A message for Indian pharma: Do what you say, say what you do
Over the last decade, “data integrity” has turned out to be the most discussed and perhaps the most dreaded word for the Indian pharmaceutical companies.
Over the last decade, “data integrity” has turned out to be the most discussed and perhaps the most dreaded phrase for Indian pharmaceutical companies.
A sizeable number of units have been pummeled by the US drug regulator on issues related to data integrity, resulting in denial of access to the most lucrative market.
The importance of having unquestionable data that essentially promises safety of medicines cannot be overstated. The US Food and Drug Administration entirely relies on data and documentation through the production cycle of a drug. Any deviation from that process could be described as an “adulterated drug” within the meaning of US FDA’s regulations.
Yet, barring rare exceptions, not much seems to have changed for the Indian industry over the last several years. A few recent examples point to that grim reality.
During an inspection last December at a manufacturing site of Hetero Drugs, a privately-held Hyderabad drug maker, the US FDA investigators found a document shredder after reviewing a closed circuit TV camera. The documents that were found to be destroyed were similar to those used for batch packaging records.
The same month, Divis Labs, one of the best known and efficiently managed Indian contract manufacturing companies, was handed a set of adverse observations from the US agency, a part of which is believed to be related to data integrity issues.
Three months on, Divis Labs received an Import Alert or a ban on shipping products to the US (on Tuesday), albeit with the exception for continuing supplies of a few drugs for pain management and treatment of epilepsy and cancer.
More surprisingly, Dr. Reddy’s Labs, which has built a reputation of strong professional ethics, has also received scathing observations from the US FDA for its injectables manufacturing site in Duvvada, close to Vizag. In the initial analysis, those observations point to violations that show deviations in generation and adherence to laboratory and manufacturing and data.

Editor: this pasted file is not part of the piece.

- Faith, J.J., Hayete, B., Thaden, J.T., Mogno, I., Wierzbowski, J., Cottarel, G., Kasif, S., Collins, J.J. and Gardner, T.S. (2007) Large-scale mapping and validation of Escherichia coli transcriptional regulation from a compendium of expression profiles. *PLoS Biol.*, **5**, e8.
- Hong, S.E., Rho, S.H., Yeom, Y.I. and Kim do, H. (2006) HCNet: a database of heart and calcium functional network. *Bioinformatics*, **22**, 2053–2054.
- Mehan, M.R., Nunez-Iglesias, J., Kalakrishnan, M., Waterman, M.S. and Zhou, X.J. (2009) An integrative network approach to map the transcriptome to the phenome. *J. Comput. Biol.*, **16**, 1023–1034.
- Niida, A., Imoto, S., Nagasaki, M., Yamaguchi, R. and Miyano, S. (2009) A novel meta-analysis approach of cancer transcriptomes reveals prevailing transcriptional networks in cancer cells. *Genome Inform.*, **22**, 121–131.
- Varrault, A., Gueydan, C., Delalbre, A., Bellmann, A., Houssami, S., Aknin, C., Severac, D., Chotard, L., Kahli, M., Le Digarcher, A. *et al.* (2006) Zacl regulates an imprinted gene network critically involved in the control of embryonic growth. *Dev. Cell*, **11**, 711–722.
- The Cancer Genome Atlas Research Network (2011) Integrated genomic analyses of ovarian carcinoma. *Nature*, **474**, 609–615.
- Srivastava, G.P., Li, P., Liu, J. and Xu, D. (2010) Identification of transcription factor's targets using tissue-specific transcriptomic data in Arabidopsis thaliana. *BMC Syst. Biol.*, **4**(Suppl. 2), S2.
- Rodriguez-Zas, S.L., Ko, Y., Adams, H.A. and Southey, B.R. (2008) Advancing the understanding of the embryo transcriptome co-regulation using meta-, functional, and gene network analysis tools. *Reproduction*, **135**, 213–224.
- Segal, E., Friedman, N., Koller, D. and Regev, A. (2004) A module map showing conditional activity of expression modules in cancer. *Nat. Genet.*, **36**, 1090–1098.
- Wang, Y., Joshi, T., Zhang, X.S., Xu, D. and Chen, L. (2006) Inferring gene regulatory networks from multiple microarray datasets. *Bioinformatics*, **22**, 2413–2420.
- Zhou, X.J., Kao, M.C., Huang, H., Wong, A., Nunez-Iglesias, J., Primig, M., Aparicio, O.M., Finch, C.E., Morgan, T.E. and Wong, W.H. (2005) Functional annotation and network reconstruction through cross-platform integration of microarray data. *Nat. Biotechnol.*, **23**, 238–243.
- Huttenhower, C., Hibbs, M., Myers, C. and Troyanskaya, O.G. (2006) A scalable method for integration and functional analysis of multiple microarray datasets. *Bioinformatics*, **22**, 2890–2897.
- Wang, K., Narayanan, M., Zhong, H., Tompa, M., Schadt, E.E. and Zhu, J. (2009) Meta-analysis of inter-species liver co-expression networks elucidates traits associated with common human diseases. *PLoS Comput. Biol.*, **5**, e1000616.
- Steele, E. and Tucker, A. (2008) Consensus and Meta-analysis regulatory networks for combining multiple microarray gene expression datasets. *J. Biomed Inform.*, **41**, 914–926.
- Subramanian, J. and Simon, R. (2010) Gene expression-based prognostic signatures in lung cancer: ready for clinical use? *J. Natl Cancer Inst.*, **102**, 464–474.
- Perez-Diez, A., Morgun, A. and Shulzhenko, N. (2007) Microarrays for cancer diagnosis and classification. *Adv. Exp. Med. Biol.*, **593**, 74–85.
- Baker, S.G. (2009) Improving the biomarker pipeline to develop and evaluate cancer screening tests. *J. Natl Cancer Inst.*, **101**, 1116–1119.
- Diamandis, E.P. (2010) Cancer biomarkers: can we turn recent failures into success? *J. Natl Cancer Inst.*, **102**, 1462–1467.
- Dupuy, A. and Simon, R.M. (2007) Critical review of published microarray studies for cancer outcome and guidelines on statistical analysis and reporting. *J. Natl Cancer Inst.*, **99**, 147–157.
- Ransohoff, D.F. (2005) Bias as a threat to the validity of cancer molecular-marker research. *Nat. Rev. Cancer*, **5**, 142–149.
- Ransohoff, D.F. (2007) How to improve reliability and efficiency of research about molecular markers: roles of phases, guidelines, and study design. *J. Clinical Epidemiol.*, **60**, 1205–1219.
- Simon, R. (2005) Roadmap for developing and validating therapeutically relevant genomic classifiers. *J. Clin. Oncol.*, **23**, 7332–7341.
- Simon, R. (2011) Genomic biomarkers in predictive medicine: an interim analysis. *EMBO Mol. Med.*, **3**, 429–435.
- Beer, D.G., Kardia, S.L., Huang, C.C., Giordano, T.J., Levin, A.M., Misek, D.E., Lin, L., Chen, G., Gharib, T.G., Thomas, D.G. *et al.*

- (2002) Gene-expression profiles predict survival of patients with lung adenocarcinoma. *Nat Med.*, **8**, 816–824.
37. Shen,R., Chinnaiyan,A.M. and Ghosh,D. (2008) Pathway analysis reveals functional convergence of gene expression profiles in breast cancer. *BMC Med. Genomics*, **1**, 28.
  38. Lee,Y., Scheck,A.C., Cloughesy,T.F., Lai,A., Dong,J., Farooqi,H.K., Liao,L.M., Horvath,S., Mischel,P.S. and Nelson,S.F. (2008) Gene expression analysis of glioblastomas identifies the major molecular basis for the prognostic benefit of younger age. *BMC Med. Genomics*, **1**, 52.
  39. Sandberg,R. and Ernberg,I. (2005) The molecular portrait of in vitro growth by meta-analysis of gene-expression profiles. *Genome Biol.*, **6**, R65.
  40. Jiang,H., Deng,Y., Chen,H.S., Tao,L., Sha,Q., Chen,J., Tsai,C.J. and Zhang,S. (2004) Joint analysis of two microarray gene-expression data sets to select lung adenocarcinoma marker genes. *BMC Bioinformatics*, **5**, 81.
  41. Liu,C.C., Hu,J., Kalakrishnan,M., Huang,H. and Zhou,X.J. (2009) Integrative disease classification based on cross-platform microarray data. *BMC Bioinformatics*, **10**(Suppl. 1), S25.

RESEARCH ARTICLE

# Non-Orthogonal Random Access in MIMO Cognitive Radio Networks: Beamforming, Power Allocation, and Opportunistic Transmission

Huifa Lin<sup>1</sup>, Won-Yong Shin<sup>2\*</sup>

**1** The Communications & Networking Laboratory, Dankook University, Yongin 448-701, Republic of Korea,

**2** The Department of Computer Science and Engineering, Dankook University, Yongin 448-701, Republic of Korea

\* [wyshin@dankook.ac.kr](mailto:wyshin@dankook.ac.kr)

As reported by CNBC-TV18 on Tuesday, US FDA investigators faulted the control systems at the site which allowed personnel to create or delete files without oversight. The issue is exacerbated further when staffers across departments were repeatedly found to be making false and misleading statements before finally admitting that they deleted files from the computers.
While the FDA’s investigations for an injectables site is known to be rigorous as compared to those of tablets or liquids, Dr. Reddy’s was expected to perform better given that it had expressed readiness for a site audit. At least three of the 13 observations or issues of concern are repeated from the time the Duvvada site was last inspected by the FDA in 2015.
What may distinguish Dr. Reddy’s from many others is that it has built a management culture that encourages freedom of expression and a free flow of ideas. Moreover, a significant portion of the senior level management's time during the last 15 months was dedicated to the remediation exercise to set right the issues raised by the US FDA.
As an industry, efforts have been made to drill deep into issues that hobble growth and risks reputation, especially the ones that stem from deliberate fabrication of data.In 2008, Ranbaxy bore the brunt for fabrication of data and that triggered a spate of inspections and import bans. A decade or so later, the industry should have learnt their lessons. As expert consultants aver, the big lesson from the FDA is “do what you say, say what you do.” That simple message will go a long way in building trust and get the recognition due to the Indian generics industry.